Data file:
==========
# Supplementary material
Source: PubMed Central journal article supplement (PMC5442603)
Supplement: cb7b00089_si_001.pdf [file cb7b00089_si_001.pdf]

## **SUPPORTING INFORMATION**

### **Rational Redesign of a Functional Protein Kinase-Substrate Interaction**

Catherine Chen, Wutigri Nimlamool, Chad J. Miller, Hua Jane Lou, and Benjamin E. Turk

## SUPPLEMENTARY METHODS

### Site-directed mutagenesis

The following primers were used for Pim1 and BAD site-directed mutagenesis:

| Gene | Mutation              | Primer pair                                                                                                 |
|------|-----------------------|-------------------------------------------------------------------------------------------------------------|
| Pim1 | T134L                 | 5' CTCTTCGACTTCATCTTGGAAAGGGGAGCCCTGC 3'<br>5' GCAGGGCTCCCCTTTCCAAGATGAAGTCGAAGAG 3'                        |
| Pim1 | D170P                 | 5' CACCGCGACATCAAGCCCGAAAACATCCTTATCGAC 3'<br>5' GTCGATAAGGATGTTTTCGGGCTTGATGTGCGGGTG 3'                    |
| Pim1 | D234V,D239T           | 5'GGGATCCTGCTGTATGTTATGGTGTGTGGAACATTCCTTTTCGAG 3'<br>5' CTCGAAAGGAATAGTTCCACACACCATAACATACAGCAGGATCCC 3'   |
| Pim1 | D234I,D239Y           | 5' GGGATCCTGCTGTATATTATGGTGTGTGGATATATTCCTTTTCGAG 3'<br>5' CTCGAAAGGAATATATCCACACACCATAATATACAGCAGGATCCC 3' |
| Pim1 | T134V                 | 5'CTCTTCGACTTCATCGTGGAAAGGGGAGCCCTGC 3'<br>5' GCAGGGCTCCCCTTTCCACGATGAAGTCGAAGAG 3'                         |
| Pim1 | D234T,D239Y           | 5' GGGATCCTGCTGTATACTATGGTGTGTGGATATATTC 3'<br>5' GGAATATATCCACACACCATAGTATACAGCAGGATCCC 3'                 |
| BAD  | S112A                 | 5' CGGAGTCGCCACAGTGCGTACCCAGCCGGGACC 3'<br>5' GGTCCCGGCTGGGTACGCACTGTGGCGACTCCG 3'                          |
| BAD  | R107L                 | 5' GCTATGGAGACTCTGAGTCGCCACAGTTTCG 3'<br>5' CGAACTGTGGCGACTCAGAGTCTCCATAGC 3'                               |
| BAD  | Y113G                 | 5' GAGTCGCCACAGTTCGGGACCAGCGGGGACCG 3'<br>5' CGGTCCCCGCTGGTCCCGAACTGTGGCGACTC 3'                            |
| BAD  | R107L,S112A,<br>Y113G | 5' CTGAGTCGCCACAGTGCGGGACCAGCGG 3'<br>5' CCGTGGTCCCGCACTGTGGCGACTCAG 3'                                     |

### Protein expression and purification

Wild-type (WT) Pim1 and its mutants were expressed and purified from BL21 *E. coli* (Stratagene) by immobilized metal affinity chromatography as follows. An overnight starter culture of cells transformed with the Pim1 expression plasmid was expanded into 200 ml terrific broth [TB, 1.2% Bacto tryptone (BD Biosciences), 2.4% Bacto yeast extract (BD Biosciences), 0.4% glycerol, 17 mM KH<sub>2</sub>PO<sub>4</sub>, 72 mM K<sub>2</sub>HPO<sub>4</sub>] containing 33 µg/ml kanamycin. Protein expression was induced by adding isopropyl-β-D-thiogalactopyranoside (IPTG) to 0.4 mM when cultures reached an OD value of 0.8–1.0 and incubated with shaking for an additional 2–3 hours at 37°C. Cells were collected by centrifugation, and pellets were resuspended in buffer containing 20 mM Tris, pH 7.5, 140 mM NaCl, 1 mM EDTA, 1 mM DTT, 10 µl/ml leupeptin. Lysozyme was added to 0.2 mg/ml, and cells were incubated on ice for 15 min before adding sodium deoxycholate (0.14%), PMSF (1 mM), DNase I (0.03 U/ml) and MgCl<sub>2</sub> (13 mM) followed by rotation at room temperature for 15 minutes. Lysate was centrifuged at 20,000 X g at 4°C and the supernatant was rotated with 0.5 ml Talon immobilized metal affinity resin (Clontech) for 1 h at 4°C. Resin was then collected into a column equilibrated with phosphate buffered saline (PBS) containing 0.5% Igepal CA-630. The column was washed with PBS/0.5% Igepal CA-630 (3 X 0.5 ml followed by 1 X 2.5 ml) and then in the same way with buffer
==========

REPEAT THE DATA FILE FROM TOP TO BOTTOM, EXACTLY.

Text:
# Supplementary material
Source: PubMed Central journal article supplement (PMC5442603)
Supplement: cb7b00089_si_001.pdf [file cb7b00089_si_001.pdf]

## **SUPPORTING INFORMATION**

### **Rational Redesign of a Functional Protein Kinase-Substrate Interaction**

Catherine Chen, Wutigri Nimlamool, Chad J. Miller, Hua Jane Lou, and Benjamin E. Turk

## SUPPLEMENTARY METHODS

### Site-directed mutagenesis

The following primers were used for Pim1 and BAD site-directed mutagenesis:

| Gene | Mutation              | Primer pair                                                                                                 |
|------|-----------------------|-------------------------------------------------------------------------------------------------------------|
| Pim1 | T134L                 | 5' CTCTTCGACTTCATCTTGGAAAGGGGAGCCCTGC 3'<br>5' GCAGGGCTCCCCTTTCCAAGATGAAGTCGAAGAG 3'                        |
| Pim1 | D170P                 | 5' CACCGCGACATCAAGCCCGAAAACATCCTTATCGAC 3'<br>5' GTCGATAAGGATGTTTTCGGGCTTGATGTGCGGGTG 3'                    |
| Pim1 | D234V,D239T           | 5'GGGATCCTGCTGTATGTTATGGTGTGTGGAACATTCCTTTTCGAG 3'<br>5' CTCGAAAGGAATAGTTCCACACACCATAACATACAGCAGGATCCC 3'   |
| Pim1 | D234I,D239Y           | 5' GGGATCCTGCTGTATATTATGGTGTGTGGATATATTCCTTTTCGAG 3'<br>5' CTCGAAAGGAATATATCCACACACCATAATATACAGCAGGATCCC 3' |
| Pim1 | T134V                 | 5'CTCTTCGACTTCATCGTGGAAAGGGGAGCCCTGC 3'<br>5' GCAGGGCTCCCCTTTCCACGATGAAGTCGAAGAG 3'                         |
| Pim1 | D234T,D239Y           | 5' GGGATCCTGCTGTATACTATGGTGTGTGGATATATTC 3'<br>5' GGAATATATCCACACACCATAGTATACAGCAGGATCCC 3'                 |
| BAD  | S112A                 | 5' CGGAGTCGCCACAGTGCGTACCCAGCCGGGACC 3'<br>5' GGTCCCGGCTGGGTACGCACTGTGGCGACTCCG 3'                          |
| BAD  | R107L                 | 5' GCTATGGAGACTCTGAGTCGCCACAGTTTCG 3'<br>5' CGAACTGTGGCGACTCAGAGTCTCCATAGC 3'                               |
| BAD  | Y113G                 | 5' GAGTCGCCACAGTTCGGGACCAGCGGGGACCG 3'<br>5' CGGTCCCCGCTGGTCCCGAACTGTGGCGACTC 3'                            |
| BAD  | R107L,S112A,<br>Y113G | 5' CTGAGTCGCCACAGTGCGGGACCAGCGG 3'<br>5' CCGTGGTCCCGCACTGTGGCGACTCAG 3'                                     |

### Protein expression and purification

Wild-type (WT) Pim1 and its mutants were expressed and purified from BL21 *E. coli* (Stratagene) by immobilized metal affinity chromatography as follows. An overnight starter culture of cells transformed with the Pim1 expression plasmid was expanded into 200 ml terrific broth [TB, 1.2% Bacto tryptone (BD Biosciences), 2.4% Bacto yeast extract (BD Biosciences), 0.4% glycerol, 17 mM KH<sub>2</sub>PO<sub>4</sub>, 72 mM K<sub>2</sub>HPO<sub>4</sub>] containing 33 µg/ml kanamycin. Protein expression was induced by adding isopropyl-β-D-thiogalactopyranoside (IPTG) to 0.4 mM when cultures reached an OD value of 0.8–1.0 and incubated with shaking for an additional 2–3 hours at 37°C. Cells were collected by centrifugation, and pellets were resuspended in buffer containing 20 mM Tris, pH 7.5, 140 mM NaCl, 1 mM EDTA, 1 mM DTT, 10 µl/ml leupeptin. Lysozyme was added to 0.2 mg/ml, and cells were incubated on ice for 15 min before adding sodium deoxycholate (0.14%), PMSF (1 mM), DNase I (0.03 U/ml) and MgCl<sub>2</sub> (13 mM) followed by rotation at room temperature for 15 minutes. Lysate was centrifuged at 20,000 X g at 4°C and the supernatant was rotated with 0.5 ml Talon immobilized metal affinity resin (Clontech) for 1 h at 4°C. Resin was then collected into a column equilibrated with phosphate buffered saline (PBS) containing 0.5% Igepal CA-630. The column was washed with PBS/0.5% Igepal CA-630 (3 X 0.5 ml followed by 1 X 2.5 ml) and then in the same way with buffer